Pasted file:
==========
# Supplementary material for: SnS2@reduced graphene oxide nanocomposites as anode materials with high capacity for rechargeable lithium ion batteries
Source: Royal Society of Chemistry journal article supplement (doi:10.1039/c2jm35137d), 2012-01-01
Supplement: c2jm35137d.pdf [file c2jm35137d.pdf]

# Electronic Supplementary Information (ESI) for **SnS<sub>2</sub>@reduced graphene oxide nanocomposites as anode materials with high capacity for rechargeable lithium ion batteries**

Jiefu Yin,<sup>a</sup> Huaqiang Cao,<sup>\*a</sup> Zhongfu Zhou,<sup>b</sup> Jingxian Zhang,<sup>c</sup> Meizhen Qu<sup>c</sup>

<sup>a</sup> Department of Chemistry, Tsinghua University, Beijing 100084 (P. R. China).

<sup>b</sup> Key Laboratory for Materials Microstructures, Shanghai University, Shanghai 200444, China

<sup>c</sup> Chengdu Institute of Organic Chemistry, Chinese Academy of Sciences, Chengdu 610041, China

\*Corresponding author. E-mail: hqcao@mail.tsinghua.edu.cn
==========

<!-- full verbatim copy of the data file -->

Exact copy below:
# Supplementary material for: SnS2@reduced graphene oxide nanocomposites as anode materials with high capacity for rechargeable lithium ion batteries
Source: Royal Society of Chemistry journal article supplement (doi:10.1039/c2jm35137d), 2012-01-01
Supplement: c2jm35137d.pdf [file c2jm35137d.pdf]

# Electronic Supplementary Information (ESI) for **SnS<sub>2</sub>@reduced graphene oxide nanocomposites as anode materials with high capacity for rechargeable lithium ion batteries**

Jiefu Yin,<sup>a</sup> Huaqiang Cao,<sup>\*a</sup> Zhongfu Zhou,<sup>b</sup> Jingxian Zhang,<sup>c</sup> Meizhen Qu<sup>c</sup>

<sup>a</sup> Department of Chemistry, Tsinghua University, Beijing 100084 (P. R. China).

<sup>b</sup> Key Laboratory for Materials Microstructures, Shanghai University, Shanghai 200444, China

<sup>c</sup> Chengdu Institute of Organic Chemistry, Chinese Academy of Sciences, Chengdu 610041, China

\*Corresponding author. E-mail: hqcao@mail.tsinghua.edu.cn